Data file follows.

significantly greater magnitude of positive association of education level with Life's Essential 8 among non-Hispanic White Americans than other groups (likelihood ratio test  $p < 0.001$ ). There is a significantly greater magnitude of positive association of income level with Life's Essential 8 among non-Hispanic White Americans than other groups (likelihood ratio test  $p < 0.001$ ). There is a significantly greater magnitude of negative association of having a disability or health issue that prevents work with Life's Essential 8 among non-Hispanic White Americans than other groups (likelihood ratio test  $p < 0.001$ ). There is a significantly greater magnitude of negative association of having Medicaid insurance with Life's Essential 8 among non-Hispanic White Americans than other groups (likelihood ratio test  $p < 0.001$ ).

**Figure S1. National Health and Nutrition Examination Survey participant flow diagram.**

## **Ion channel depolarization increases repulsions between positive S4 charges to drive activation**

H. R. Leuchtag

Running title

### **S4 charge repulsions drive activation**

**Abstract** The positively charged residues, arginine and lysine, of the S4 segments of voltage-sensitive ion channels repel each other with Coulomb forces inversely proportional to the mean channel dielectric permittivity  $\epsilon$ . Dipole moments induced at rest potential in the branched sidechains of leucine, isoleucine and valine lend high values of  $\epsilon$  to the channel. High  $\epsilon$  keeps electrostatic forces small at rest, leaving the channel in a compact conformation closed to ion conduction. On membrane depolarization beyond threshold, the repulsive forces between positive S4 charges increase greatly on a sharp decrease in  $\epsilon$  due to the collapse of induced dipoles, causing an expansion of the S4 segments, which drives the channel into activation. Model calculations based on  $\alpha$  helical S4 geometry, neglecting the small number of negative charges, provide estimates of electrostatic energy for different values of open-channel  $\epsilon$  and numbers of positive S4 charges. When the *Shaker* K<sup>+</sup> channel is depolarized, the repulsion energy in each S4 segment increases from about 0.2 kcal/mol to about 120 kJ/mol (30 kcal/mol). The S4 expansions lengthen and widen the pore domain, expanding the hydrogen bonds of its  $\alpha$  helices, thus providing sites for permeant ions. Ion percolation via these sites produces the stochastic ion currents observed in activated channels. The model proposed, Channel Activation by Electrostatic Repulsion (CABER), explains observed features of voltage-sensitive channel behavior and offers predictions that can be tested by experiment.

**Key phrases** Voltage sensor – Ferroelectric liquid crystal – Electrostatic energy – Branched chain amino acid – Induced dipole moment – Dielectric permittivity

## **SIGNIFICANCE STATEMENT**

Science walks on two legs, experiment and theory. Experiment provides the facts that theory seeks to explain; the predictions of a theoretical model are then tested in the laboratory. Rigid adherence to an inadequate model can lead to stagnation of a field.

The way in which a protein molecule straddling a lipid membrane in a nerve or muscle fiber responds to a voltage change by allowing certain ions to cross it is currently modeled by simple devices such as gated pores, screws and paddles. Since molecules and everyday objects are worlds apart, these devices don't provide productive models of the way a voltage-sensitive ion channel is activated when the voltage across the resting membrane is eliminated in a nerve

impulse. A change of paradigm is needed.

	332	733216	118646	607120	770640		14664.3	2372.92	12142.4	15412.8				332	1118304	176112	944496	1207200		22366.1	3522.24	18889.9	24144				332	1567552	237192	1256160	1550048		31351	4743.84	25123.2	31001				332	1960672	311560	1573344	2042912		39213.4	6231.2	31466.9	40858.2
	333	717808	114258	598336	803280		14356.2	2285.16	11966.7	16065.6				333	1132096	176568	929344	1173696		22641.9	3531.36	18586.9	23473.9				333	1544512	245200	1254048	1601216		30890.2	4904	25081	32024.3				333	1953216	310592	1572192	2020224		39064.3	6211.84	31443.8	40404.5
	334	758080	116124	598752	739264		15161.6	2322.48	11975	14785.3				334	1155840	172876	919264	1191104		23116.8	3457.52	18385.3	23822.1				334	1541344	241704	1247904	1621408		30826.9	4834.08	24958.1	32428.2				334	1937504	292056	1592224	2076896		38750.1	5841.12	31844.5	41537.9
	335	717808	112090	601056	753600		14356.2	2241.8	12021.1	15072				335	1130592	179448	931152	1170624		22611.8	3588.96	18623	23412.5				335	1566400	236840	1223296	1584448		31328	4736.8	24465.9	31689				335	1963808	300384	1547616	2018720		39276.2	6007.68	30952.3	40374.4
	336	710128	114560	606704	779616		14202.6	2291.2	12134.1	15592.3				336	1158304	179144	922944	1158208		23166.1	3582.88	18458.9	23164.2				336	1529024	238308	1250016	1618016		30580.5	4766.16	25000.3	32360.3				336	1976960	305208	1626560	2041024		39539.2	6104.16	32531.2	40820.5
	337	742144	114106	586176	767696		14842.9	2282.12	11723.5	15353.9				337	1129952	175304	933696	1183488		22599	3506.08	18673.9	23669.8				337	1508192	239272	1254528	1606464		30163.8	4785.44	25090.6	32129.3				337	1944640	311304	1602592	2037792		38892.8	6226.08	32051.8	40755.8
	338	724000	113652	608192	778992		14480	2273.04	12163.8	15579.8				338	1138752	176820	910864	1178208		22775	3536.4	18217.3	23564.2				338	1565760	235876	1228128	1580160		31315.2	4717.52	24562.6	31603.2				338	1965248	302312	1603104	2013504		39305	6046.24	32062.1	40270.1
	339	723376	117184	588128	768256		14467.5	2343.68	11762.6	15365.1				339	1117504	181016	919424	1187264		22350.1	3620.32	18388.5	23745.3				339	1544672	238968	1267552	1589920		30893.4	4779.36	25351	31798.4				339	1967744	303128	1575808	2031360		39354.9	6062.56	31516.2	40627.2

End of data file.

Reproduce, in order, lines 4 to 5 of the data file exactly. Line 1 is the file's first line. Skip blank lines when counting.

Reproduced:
H. R. Leuchtag

Running title